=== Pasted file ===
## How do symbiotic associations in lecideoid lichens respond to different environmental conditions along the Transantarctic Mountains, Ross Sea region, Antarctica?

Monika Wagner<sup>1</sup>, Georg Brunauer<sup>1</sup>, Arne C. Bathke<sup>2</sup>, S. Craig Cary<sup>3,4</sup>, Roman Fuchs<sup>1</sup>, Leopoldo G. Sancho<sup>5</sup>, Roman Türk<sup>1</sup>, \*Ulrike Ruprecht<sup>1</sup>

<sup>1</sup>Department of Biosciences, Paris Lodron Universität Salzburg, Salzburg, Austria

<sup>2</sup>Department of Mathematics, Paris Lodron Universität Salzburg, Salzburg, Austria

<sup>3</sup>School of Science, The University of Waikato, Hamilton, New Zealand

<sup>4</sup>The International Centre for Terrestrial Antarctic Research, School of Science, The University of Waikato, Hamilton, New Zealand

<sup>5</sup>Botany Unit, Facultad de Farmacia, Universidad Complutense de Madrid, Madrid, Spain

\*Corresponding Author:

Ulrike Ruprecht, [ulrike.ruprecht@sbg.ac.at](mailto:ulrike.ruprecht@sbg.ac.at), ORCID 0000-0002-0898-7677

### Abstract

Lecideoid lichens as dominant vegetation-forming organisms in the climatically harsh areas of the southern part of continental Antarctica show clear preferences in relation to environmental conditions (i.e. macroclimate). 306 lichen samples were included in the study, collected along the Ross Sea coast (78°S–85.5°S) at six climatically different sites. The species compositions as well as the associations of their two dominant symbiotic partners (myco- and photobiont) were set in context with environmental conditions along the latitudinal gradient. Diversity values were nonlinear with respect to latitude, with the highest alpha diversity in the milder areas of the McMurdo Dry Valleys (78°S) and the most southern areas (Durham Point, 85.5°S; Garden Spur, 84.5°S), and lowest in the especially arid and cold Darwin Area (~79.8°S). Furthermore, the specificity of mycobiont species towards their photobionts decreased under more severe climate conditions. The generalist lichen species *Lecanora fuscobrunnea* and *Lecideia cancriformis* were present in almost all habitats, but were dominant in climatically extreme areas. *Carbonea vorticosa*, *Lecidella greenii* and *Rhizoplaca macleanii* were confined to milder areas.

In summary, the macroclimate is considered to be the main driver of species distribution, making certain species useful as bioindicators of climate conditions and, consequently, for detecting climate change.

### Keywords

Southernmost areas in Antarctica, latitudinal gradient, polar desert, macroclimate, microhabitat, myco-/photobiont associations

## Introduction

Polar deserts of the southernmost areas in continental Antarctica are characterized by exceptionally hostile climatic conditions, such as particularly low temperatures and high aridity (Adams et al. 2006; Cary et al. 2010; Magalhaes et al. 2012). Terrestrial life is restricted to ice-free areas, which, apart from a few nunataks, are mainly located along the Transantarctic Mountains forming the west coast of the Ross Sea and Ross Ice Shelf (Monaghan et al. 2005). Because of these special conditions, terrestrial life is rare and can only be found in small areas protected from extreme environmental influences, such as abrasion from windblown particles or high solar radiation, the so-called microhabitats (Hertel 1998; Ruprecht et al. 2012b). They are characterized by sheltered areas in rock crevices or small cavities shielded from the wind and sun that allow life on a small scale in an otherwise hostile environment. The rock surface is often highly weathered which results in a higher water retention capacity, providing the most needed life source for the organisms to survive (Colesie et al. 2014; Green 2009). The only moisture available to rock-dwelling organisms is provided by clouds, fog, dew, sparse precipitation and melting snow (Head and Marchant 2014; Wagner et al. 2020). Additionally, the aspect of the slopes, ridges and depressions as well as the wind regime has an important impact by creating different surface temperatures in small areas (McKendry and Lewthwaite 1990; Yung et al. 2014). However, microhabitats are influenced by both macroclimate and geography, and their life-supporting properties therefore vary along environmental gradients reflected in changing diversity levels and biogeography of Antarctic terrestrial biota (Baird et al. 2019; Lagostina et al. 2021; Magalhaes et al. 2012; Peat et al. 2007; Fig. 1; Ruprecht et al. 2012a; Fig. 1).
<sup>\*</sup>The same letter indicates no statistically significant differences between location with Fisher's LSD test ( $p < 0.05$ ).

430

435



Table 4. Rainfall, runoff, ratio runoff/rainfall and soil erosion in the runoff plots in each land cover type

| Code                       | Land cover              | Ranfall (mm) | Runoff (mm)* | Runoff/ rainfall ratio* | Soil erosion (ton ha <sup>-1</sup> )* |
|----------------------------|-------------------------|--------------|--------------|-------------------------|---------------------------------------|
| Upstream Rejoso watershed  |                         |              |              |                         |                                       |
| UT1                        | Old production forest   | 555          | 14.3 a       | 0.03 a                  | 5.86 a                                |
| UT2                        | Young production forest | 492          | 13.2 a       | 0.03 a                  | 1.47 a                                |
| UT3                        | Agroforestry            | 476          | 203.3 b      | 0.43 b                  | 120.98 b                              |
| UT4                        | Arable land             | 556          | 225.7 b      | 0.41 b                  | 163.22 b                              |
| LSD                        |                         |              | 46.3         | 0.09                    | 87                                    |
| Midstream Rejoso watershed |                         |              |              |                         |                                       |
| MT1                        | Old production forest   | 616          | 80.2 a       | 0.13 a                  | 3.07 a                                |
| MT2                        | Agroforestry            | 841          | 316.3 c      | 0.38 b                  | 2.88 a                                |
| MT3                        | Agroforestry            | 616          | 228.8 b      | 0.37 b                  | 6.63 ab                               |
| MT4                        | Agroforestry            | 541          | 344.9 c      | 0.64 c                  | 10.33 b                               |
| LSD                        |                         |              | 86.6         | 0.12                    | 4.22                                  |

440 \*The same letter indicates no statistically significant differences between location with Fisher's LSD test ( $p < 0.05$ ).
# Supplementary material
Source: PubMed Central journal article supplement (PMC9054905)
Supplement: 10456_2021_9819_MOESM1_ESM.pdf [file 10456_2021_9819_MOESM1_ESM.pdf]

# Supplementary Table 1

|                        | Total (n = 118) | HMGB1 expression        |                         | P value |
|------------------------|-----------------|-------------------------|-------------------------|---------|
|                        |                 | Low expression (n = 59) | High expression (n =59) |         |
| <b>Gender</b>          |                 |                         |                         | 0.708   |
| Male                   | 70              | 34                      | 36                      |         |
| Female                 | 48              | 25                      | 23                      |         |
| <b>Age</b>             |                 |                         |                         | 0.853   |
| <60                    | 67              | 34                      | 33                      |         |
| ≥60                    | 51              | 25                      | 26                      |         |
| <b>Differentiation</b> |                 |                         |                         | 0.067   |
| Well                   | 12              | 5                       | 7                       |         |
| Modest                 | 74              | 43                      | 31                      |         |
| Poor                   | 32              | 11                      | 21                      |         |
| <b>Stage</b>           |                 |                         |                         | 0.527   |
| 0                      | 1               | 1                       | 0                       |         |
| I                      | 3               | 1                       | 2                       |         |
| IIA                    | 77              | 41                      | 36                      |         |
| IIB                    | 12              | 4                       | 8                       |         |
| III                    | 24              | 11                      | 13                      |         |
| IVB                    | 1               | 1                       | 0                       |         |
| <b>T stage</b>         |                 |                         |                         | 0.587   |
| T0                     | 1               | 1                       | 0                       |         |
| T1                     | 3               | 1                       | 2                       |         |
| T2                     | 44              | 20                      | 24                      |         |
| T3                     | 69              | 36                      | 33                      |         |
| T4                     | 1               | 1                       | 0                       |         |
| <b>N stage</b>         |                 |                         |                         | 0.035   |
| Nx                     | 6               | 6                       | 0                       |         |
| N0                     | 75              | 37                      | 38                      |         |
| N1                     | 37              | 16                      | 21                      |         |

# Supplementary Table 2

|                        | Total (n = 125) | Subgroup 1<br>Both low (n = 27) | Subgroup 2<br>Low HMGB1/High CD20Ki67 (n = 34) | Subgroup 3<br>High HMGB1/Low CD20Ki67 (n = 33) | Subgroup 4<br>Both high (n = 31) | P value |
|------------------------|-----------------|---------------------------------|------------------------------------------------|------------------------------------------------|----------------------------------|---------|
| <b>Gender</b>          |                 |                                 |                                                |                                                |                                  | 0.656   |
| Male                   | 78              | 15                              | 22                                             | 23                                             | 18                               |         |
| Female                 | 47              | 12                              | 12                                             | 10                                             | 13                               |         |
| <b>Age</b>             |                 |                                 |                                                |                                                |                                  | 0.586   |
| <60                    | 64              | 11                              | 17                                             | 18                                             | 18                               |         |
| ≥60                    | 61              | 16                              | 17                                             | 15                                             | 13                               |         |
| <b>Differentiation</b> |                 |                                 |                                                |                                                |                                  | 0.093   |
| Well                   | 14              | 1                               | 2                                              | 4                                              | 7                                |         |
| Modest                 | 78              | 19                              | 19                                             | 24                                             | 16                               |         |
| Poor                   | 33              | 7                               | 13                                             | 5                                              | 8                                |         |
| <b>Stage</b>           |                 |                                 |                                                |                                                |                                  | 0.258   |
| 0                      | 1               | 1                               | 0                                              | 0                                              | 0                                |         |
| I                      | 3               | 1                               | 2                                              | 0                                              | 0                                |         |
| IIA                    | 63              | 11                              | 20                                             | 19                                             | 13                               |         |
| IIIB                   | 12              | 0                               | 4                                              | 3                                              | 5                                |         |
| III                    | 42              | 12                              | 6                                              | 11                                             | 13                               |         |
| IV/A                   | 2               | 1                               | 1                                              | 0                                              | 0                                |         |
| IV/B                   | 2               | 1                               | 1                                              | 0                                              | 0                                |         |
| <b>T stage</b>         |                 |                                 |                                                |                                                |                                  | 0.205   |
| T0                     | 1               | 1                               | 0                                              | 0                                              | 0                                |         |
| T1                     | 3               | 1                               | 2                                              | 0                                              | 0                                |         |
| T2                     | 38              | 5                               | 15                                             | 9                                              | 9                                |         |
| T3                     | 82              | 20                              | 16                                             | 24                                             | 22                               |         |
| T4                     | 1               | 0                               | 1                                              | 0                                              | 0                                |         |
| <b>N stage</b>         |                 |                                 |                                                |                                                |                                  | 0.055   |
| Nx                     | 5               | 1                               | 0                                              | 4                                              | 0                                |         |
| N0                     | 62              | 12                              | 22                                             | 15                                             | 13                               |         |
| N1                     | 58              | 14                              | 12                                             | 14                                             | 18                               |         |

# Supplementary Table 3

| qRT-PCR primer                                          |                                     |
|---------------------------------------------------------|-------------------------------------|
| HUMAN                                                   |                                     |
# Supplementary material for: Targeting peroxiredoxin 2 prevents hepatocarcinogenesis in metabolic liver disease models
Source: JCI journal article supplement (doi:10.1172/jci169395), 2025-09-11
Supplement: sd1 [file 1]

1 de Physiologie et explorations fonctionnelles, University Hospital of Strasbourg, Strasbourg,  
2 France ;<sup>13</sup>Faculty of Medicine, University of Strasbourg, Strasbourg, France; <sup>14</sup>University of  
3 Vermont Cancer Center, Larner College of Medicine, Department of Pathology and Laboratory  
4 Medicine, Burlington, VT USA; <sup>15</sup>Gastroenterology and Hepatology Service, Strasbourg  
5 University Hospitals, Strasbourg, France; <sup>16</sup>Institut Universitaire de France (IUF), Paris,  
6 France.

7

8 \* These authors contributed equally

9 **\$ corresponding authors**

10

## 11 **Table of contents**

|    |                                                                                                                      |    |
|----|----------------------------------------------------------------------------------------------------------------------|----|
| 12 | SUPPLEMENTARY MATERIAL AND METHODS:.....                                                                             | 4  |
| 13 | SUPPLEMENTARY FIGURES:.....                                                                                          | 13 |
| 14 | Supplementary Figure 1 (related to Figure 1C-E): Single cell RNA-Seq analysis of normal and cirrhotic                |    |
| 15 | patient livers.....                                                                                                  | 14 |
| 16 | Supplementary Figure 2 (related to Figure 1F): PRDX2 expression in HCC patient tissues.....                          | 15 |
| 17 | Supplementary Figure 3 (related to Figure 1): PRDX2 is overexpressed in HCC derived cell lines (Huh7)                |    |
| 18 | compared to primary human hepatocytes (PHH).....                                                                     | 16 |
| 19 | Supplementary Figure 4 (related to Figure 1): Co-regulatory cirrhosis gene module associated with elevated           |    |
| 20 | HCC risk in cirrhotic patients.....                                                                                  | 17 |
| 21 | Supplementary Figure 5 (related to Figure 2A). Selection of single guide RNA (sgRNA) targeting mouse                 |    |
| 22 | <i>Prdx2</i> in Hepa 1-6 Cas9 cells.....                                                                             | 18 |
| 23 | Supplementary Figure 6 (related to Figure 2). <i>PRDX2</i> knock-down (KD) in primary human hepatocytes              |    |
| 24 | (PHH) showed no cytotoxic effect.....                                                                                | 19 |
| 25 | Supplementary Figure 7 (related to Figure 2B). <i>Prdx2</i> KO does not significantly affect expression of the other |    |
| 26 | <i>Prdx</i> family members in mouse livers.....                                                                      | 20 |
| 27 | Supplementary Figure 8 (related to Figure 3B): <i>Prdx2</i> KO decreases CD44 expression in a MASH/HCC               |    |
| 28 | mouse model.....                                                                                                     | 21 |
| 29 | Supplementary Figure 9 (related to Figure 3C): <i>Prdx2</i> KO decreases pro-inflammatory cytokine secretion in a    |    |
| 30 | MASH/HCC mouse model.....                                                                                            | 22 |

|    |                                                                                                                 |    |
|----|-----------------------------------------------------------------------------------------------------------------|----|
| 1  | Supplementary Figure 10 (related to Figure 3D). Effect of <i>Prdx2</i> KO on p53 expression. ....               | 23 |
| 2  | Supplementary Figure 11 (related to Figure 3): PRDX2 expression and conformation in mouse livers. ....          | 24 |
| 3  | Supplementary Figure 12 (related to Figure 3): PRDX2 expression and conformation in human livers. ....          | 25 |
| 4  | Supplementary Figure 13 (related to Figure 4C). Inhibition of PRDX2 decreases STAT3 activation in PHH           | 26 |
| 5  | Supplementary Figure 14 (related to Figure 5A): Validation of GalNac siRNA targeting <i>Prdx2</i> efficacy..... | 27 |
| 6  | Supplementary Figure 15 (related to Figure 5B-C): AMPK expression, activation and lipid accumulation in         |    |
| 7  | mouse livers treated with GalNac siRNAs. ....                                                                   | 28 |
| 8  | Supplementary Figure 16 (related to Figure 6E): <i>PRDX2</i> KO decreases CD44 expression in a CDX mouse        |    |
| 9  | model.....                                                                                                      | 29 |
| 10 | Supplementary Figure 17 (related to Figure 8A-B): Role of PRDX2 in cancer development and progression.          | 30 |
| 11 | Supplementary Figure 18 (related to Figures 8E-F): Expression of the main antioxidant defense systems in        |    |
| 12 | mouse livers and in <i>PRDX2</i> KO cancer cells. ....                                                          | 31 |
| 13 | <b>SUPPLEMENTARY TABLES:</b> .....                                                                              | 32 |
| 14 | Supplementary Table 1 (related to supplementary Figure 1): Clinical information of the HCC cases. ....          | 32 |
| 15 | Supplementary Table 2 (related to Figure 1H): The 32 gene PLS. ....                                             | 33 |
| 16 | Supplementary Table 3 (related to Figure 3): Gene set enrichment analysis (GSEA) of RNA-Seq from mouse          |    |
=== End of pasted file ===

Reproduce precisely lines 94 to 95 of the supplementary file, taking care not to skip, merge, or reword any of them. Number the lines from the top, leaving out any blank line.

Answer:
| T2                     | 38              | 5                               | 15                                             | 9                                              | 9                                |         |
| T3                     | 82              | 20                              | 16                                             | 24                                             | 22                               |         |